A majority of teen girls (52%) would like to be informed about current events, but they say the media isn’t giving them the content they deserve, according to Engine Group's Cassandra and online publisher Clover Letter.
The teens surveyed indicated that they are fed up with so-called “clickbait” reports and want smarter and more serious news content delivered in their language and tailored to the platforms and devices they use daily, says Melanie Shreffler, senior insights director, Cassandra.
"Marketers and advertisers should realize that teenage girls aren’t flighty, superficial, and celebrity-obsessed. Rather, they’re smart young women who want to be addressed as such," says Shreffler.
According to the study, 32% would rather be uninformed than have media waste their time with clickbait, and 37% say they "hate" clickbait. And 32% also think less of media outlets that use such sensationalist tactics.
More than one in three (35%) believe the news media talks down to them and 43% wish there was more uplifting content on the Internet. One in five (21%) aren't sure where to go to find more positive news.
And the depiction of female influencers in the media has a negative effect on those polled with 47% saying they feel bad about themselves based on how the media portrays females. A similar percentage (45%) says news makes them feel depressed.
"They want to read stories about fellow teen girls just as much - if not more - than they do celebrities, and they want content they can relate to," says Liza Darwin, co-founder, Clover Letter. "They respond to advertising that’s in line with these values. Traditional media is a hard sell, mostly because teen girls aren’t on it."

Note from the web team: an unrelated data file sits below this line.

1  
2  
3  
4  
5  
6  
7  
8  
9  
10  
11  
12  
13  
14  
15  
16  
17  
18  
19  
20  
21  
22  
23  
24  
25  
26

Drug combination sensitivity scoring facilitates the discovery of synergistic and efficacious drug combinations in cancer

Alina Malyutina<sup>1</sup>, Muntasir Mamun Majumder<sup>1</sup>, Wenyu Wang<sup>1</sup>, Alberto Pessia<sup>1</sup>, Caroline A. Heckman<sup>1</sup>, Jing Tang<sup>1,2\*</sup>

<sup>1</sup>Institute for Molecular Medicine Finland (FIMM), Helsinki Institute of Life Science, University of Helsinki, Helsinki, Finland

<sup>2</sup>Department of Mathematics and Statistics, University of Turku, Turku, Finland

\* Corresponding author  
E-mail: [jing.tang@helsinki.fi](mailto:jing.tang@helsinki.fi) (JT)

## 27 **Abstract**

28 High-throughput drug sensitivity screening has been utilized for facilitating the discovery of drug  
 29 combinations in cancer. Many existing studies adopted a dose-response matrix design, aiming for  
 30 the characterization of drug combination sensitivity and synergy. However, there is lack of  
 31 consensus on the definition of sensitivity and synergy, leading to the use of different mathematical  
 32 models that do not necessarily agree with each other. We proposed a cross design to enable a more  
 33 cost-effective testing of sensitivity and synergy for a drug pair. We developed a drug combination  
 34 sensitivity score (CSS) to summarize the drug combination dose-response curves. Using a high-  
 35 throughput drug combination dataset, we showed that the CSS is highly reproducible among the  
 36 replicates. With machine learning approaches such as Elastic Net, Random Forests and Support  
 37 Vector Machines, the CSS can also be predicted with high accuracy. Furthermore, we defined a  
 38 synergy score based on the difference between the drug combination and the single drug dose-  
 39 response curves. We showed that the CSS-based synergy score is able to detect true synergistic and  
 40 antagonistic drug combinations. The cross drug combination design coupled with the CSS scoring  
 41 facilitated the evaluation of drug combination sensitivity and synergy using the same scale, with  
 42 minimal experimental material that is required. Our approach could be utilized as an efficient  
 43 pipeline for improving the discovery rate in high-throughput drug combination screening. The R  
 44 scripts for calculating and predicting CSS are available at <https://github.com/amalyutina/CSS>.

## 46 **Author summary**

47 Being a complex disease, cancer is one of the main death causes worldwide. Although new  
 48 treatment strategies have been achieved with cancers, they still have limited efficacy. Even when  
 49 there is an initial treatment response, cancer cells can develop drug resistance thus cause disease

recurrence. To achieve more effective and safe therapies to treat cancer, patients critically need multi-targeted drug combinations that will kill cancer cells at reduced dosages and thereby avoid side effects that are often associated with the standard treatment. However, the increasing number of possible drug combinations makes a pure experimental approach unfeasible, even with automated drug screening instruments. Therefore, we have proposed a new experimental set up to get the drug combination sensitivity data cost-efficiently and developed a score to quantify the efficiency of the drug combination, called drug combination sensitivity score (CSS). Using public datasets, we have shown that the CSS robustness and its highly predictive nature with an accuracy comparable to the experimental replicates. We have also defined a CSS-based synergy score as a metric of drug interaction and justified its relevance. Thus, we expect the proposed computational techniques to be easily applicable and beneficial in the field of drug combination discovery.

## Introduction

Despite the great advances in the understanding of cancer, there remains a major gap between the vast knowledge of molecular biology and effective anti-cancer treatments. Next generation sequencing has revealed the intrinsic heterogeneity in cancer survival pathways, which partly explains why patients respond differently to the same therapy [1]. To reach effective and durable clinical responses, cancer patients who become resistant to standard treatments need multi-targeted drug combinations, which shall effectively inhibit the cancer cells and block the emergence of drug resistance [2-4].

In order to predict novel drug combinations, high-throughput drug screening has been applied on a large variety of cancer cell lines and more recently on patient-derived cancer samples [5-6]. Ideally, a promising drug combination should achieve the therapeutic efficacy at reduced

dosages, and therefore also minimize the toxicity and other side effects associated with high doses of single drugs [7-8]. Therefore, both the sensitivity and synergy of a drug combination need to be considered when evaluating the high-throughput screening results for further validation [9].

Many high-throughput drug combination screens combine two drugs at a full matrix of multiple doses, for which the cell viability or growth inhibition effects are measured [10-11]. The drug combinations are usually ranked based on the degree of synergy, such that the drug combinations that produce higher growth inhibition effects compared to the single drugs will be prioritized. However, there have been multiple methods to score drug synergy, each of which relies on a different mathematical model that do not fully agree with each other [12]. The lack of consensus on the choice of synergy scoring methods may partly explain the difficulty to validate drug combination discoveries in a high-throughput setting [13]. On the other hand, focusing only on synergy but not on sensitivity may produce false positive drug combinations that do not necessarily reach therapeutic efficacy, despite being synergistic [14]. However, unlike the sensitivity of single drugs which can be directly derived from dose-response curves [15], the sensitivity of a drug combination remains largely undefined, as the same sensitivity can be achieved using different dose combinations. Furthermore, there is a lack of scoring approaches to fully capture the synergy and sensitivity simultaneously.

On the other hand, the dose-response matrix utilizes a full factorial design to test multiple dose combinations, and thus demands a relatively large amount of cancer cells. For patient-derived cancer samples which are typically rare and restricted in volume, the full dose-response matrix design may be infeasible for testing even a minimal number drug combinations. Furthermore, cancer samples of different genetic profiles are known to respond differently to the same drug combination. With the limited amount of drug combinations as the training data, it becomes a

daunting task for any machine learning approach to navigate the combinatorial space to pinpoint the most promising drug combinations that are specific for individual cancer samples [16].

Teen girls are interested in learning about current events. "In fact, they’re more interested in stories about world news and women’s issues than they are in celebrity news,” adds Shreffler. “They’re craving more serious news, yet few sources are delivering on this."
Teen girls are also turning away from traditional channels. Their top five news resources are family/friends (58%), TV (56%), and social media platforms Facebook (50%), Instagram (45%) and Snapchat (43%). They are also significantly more likely than Millennial women (21% vs.12%) to use push notifications to get their news.
"It’s not so surprising that teens aren’t picking up the Sunday Times on newsstands, but we didn’t expect to hear that teens aren’t visiting these legacy news brands online, either," says Casey Lewis, co-founder, Clover Letter. "On the flip side, we were interested to see that teen girls felt empowered about how influencers portray themselves on social media, which just shows how much teen girls want to be in control of their own image."